Briam Might Just Be the Traditional Greek Version of Ratatouille

How do roasted vegetables (potatoes, zucchini, eggplants, onions, and tomatoes) with a bunch of spices, garlic, some greens, and a generous drizzle of olive oil sound to you? If you’re thinking of Ratatouille, you’re wrong! That’s right, today’s recipe calls for Greece’s briam, and it’s a text-book Mediterranean diet.


Which Came First, Briam or Ratatoillle?

There is quite the debate on whether briam should be called the Greek ratatouille or ratatouille should be the called French briam. Truth is, nobody knows for sure which recipe came first, but it doesn’t matter. Both dishes represent a perfect take on roasted vegetables, although, in some parts of France, people like to use the stovetop to prepare their ratatouille.

Of course, the Greek briam recipe has hundreds of variations, but this one comes from the island of Patmos.


  • 1 ¼ lb gold potatoes (3-4 medium-sized)
  • 1 ¼ lb zucchini squash (2-3 regular-sized)
  • 1 ¼ lb eggplants (optional, 2 regular-sized)
  • 2 tsp dried oregano
  • ½ cup chopped fresh parsley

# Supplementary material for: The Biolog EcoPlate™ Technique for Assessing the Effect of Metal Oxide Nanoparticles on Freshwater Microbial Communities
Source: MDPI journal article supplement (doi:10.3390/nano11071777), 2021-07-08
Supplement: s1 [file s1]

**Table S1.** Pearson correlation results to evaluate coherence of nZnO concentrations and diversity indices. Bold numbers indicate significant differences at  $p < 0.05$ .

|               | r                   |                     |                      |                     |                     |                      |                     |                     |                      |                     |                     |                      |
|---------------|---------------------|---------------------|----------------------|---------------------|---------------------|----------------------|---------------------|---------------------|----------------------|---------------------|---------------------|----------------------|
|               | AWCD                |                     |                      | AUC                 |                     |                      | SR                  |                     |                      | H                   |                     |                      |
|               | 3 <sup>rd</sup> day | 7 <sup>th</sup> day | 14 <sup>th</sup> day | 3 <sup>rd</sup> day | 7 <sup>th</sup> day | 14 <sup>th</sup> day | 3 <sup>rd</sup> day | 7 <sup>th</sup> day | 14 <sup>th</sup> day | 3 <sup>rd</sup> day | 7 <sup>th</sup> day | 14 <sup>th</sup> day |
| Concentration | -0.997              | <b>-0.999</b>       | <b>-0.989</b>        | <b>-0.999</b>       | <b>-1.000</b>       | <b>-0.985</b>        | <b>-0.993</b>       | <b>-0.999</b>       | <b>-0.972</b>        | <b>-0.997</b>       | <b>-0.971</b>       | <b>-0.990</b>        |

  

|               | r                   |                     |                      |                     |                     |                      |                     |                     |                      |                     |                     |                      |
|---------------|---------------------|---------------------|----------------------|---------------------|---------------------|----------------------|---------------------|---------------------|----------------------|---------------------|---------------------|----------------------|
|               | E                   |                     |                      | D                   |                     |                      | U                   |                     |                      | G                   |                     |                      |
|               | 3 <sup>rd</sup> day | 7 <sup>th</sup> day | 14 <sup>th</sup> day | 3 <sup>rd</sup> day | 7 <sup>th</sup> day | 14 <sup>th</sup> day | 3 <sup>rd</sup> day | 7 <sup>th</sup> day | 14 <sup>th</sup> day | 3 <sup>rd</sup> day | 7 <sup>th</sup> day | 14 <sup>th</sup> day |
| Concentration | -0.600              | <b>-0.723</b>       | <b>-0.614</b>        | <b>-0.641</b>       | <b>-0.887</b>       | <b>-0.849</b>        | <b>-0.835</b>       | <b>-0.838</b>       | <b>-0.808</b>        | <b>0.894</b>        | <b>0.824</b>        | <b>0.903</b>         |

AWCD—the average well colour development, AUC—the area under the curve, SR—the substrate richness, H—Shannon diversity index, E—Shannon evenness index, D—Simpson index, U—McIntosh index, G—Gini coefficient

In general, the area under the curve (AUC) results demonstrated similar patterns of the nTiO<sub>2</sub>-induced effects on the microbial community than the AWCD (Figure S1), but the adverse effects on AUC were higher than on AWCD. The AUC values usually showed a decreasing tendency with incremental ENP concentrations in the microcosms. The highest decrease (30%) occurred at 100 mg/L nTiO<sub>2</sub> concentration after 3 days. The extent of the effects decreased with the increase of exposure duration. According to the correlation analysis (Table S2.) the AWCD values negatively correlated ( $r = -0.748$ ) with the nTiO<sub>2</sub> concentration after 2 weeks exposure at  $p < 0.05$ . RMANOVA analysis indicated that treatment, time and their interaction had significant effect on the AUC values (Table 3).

• 4 garlic cloves (minced)
  • Greek extra virgin olive oil (any other would do but let’s try to be traditional)
  • 30-oz canned diced tomatoes with juice (unsalted and organic products are recommended)
  • 1 large red onion
  • Salt and Pepper

As stated above, this Greek classic varies by region, so feel free to adjust the ingredients by adding or removing other veggies and spices. For example, replacing the potatoes with bell pepper would make this dish even lower in carbs. A dash of piney rosemary would give it a pleasant kick, and serving this with feta cheese would make a huge difference.

Roasted vegetables

Preparing the Briam

For presentation purposes, this exact recipe calls for thinly sliced veggies and a round pan or skillet (11-inch would do). However, this recipe works great with thicker chunk cuts roasted in a square casserole, especially if time is pushing you.


  • Preheat the oven to 400 F and place a rack in the middle.
  • Season and toss the veggies with salt, pepper, oregano, (and other spices of your choice).
  • Pour half of the canned tomatoes into your pan or skillet and spread to cover the bottom.
  • Arrange the rest of the veggies into the pan
  • Top with a generous drizzle of olive oil, minced garlic, and the rest of the tomatoes.
  • Bake for 45 minutes covered with foil
  • Remove foil and bake for another 30 to 40 minutes until most of the liquid evaporates and veggies look soft and charred.
  • Cool to room temperature and serve.